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Environmental Virtue on a Bun: Are You Buying?

Environmental Virtue on a Bun: Are You Buying?

Philadelphia Inquirer

PHILADELPHIA – Please welcome Elevation Burger, the latest contender for virtue-burger honors, debuting now in the Philadelphia suburbs.

It has single-handedly raised the ante in the (so to speak) greener-meat niche. Elevation Burgers are not merely fresh-ground, or all-beef, or naturally raised; they are – top this! – “100 percent organic, grass-fed, free-range beef.”

A single patty is about three ounces and change, so you are advised to stack at least two, or to have the Vertigo Burger, the price of which varies depending on the height of the stack. (At the other end of the spectrum, there’s the Half the Guilt Burger, involving one meat patty and one veggie patty – the burger equivalent of a well-trimmed hair shirt.)

The burger joint, of course, is this year’s steak house – or perhaps this year’s antidote to last year’s steak-house epidemic. No mystery on that score: Burger budgets do not porterhouses buy.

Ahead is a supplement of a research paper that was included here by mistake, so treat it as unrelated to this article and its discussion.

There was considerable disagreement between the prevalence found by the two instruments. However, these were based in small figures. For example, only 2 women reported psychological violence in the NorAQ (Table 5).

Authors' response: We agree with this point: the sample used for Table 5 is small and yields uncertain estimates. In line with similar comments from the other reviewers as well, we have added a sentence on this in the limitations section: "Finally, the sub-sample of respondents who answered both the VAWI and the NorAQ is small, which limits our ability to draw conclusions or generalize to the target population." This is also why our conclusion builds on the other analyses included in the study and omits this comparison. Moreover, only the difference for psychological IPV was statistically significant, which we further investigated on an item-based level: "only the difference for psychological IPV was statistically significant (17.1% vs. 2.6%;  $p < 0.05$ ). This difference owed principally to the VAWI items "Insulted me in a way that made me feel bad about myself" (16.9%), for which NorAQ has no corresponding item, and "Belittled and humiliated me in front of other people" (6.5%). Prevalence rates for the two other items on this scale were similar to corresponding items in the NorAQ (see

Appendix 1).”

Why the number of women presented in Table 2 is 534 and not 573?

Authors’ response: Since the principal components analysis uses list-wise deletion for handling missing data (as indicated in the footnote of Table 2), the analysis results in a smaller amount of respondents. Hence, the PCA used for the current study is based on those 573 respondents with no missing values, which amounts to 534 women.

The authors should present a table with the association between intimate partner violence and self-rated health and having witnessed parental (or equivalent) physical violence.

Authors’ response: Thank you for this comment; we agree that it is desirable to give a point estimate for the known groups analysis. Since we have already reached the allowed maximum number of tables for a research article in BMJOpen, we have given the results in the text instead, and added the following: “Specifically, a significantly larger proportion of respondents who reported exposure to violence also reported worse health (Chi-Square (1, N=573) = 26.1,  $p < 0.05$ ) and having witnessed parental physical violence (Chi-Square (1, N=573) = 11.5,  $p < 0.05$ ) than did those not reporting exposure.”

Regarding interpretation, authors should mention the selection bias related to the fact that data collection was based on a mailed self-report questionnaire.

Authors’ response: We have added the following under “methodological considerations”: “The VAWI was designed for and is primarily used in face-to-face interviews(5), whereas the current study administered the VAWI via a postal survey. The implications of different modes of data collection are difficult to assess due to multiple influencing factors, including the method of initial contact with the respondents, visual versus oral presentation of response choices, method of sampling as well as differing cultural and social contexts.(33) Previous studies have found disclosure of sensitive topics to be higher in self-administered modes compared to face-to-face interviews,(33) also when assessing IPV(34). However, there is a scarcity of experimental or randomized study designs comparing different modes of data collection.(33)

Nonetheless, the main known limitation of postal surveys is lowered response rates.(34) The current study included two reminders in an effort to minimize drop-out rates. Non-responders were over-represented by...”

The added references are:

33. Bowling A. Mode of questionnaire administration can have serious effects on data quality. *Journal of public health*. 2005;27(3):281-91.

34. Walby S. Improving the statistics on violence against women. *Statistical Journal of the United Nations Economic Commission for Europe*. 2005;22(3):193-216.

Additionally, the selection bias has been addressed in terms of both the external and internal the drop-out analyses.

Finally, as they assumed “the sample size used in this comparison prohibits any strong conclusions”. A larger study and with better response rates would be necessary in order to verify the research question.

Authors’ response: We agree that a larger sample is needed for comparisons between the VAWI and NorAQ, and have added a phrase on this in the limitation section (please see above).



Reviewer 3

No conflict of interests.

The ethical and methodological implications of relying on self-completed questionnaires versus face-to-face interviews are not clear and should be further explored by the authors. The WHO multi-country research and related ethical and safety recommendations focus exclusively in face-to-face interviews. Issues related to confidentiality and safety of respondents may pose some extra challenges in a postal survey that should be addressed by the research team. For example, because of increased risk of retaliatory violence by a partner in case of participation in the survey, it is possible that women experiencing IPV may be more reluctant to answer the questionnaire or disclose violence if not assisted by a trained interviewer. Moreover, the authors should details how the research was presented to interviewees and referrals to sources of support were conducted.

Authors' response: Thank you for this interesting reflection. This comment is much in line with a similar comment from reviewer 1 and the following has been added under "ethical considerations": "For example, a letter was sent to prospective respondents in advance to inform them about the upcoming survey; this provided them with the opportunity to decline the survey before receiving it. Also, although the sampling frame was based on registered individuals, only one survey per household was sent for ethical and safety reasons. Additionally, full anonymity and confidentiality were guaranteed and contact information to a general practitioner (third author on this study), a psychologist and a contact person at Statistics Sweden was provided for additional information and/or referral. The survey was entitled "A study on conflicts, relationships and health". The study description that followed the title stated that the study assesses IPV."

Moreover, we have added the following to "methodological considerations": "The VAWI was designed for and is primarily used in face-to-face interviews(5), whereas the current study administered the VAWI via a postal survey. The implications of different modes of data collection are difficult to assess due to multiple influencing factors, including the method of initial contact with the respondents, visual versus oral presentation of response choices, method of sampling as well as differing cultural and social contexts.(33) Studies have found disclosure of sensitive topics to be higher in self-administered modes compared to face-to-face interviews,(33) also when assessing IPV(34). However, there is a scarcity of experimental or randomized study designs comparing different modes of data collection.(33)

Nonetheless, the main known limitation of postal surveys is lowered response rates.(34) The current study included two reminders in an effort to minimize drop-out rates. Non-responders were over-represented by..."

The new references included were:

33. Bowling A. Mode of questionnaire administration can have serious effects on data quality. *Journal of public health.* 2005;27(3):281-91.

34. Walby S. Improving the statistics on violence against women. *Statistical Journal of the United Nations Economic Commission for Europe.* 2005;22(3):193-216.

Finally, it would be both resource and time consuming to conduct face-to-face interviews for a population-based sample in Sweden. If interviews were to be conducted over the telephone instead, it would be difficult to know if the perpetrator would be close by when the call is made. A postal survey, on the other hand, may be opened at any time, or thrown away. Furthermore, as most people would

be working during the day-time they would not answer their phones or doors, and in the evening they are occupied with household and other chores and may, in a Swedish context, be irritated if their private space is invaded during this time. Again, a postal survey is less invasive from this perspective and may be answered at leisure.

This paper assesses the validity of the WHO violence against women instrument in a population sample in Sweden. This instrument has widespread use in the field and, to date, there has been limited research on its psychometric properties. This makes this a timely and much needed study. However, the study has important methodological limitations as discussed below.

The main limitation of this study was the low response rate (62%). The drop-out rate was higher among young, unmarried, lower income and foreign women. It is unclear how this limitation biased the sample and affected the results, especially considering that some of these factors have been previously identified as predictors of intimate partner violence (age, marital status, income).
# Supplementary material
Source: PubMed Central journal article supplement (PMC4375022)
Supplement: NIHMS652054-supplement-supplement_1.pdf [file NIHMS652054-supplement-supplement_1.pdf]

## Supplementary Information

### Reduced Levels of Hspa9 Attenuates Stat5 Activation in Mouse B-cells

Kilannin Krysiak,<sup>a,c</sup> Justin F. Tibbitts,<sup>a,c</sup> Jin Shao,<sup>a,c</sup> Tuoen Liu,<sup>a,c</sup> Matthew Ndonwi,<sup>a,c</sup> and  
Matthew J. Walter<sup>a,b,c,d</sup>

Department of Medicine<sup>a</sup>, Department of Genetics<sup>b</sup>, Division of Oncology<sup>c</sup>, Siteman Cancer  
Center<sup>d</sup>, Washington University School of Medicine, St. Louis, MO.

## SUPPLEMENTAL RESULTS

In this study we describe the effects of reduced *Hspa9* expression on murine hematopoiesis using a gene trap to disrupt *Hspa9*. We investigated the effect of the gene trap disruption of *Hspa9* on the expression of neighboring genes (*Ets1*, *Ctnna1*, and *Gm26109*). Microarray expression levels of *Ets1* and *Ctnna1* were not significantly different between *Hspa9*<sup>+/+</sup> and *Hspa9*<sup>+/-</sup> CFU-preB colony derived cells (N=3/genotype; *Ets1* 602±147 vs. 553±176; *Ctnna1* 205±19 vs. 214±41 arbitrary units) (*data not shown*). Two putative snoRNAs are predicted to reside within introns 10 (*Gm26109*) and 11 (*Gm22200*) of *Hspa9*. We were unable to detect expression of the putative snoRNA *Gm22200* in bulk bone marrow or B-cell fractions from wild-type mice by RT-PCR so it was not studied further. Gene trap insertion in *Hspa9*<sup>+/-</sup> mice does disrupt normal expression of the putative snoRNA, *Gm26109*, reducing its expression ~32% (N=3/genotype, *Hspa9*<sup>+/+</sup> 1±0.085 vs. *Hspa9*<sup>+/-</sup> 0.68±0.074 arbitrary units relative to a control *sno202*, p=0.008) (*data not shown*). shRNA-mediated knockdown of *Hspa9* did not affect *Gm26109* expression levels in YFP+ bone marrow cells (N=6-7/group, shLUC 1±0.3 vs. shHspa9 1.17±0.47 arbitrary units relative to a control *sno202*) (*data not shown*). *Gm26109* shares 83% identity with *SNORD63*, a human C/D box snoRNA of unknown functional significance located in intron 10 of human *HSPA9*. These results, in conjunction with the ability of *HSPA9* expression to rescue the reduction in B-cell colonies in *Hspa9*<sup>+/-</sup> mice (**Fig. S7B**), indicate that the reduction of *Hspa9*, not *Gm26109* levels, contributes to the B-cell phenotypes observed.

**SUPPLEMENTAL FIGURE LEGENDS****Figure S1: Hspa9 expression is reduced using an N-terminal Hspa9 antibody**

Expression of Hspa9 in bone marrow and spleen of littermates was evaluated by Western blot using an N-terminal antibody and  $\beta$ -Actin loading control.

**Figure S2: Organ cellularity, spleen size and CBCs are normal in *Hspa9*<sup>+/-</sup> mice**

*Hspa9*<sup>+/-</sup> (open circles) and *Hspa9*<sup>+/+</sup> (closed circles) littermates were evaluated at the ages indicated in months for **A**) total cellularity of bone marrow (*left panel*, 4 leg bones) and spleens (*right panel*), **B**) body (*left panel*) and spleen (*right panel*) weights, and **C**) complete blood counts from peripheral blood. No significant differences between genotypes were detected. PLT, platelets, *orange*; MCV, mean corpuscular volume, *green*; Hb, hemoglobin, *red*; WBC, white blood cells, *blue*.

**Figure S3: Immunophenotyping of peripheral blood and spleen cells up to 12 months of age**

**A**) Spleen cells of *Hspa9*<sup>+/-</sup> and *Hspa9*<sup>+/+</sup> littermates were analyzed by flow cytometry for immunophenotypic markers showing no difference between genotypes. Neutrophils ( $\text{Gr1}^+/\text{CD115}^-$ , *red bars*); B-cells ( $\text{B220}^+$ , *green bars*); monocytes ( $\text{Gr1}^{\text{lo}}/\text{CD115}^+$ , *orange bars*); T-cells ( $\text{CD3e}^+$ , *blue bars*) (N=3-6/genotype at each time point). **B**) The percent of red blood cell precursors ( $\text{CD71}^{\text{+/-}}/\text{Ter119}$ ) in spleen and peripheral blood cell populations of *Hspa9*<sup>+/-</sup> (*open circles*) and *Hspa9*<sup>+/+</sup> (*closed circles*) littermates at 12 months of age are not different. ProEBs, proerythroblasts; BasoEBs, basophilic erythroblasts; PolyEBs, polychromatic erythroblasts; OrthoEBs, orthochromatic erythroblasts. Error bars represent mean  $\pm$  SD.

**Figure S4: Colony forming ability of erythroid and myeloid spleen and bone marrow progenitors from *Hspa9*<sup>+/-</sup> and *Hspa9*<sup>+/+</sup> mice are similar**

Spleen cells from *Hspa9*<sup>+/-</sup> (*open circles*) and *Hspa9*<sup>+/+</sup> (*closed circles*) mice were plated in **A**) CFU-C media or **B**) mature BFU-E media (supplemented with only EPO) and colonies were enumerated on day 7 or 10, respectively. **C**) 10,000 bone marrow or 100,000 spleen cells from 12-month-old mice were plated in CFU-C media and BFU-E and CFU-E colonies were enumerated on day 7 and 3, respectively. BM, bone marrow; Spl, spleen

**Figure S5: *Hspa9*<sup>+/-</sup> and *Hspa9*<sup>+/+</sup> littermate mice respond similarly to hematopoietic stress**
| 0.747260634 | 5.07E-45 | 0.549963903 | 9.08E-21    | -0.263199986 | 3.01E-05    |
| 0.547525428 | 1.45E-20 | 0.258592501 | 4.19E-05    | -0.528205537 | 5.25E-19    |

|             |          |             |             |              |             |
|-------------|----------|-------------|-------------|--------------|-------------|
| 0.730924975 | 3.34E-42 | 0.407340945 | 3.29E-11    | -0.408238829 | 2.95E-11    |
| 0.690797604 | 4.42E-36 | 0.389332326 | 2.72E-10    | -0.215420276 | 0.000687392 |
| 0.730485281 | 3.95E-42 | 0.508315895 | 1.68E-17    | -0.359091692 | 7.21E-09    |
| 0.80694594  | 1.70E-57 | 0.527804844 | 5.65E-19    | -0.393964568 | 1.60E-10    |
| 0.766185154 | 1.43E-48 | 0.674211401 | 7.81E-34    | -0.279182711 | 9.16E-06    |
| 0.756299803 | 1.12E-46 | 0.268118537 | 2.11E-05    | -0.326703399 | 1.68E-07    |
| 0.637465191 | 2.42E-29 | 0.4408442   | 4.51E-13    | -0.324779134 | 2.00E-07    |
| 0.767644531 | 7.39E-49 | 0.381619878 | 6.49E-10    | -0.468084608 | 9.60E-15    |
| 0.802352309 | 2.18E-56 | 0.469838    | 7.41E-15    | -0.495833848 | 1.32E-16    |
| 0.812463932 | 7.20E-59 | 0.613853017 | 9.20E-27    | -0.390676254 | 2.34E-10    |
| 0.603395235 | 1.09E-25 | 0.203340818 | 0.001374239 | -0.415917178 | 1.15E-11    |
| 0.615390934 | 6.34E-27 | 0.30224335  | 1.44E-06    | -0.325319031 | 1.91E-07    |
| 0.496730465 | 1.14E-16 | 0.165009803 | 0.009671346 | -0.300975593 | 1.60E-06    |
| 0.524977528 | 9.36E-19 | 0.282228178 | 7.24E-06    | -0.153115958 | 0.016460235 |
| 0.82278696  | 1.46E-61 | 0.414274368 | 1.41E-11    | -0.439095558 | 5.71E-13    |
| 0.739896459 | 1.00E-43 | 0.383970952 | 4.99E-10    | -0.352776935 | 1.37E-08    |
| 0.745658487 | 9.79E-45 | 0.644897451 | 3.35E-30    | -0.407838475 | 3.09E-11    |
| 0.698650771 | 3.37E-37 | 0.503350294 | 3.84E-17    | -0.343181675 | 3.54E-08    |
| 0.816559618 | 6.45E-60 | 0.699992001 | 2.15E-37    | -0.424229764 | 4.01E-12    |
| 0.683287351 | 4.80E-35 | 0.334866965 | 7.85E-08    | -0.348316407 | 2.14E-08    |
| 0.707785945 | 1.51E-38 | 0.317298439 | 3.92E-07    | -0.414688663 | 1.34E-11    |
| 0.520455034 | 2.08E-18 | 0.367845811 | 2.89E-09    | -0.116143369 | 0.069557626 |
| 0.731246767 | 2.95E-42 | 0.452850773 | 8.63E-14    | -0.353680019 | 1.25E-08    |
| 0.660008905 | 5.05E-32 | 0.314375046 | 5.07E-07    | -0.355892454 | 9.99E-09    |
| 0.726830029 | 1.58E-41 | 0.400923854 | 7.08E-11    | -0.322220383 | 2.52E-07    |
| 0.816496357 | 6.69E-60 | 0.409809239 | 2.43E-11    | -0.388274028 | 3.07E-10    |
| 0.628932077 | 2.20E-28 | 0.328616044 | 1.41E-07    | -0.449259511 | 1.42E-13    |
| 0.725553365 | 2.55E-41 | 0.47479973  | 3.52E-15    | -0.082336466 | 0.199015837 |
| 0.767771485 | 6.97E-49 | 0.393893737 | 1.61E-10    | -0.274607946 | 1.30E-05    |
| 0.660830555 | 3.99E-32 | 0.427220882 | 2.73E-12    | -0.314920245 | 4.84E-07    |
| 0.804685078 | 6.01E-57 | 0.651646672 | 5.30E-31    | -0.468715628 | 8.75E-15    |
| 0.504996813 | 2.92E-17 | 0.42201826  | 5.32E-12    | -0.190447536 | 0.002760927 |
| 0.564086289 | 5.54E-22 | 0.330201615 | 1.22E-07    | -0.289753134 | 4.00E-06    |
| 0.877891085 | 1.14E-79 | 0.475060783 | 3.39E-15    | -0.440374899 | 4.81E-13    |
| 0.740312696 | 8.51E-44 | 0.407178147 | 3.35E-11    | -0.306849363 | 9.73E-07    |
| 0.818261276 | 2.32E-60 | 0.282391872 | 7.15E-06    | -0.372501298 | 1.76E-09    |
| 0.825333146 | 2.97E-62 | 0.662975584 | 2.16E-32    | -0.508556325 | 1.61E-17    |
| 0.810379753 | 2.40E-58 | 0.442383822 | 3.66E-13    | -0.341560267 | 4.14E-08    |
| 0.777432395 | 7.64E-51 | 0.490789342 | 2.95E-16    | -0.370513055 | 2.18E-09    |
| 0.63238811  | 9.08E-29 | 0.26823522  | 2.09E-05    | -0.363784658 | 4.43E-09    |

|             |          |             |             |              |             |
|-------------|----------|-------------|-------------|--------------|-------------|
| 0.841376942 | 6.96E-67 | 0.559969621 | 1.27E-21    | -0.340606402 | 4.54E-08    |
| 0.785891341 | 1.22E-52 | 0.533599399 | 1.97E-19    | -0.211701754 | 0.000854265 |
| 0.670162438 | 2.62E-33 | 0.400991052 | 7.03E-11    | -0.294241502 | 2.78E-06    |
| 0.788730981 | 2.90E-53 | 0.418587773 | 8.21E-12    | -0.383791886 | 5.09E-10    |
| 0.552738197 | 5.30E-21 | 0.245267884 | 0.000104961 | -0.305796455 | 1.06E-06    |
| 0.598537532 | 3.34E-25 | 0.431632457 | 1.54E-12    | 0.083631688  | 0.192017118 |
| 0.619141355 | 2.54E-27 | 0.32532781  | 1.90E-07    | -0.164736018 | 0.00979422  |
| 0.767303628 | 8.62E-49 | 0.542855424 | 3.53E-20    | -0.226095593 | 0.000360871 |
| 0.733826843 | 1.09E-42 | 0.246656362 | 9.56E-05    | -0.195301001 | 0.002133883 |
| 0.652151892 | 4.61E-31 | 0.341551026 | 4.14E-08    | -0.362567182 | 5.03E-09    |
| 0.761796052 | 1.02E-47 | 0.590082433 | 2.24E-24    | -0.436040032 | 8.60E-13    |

But if you do not have a drive-through, or thousands of locations across the country, or a spokesclown, you’ve got to have something.

In the case of Elevation – the Rocky Mountain-peak motif of its shopping-center storefront disconcertingly resonant of a Coors label – the something is its devotion to renewable-bamboo flooring, energy-efficient ovens, and waste oil destined, eventually, to grow up to be biodiesel.

But its “biggest contribution to a better planet,” the fine print on its shake cup says, is the beef itself: it’s fed on grass, not corn, which sucks up far less carbon dioxide, and, well, if all cattle were pastured (not grain-fed), it would be like taking four million cars off the road.

It might be the only shake cup with a footnote: The essence of that aforementioned claim can be found, it reports, in “The Omnivore’s Dilemma,” p. 198. (And so, yes, there it is. You can look it up.)

“The Omnivore’s Dilemma,” of course, is eco-author Michael Pollan’s passionate critique of the depredations of industrial agriculture, and currently the sacred text of ethical eaters: supersizing and “cornification” don’t just make you fat, he warns, but make the soil dangerously thinner (and the water and air worse).

Whether Pollan would be flattered that his critique is being stamped on shake cups to encourage the consumption of more burgers is another question.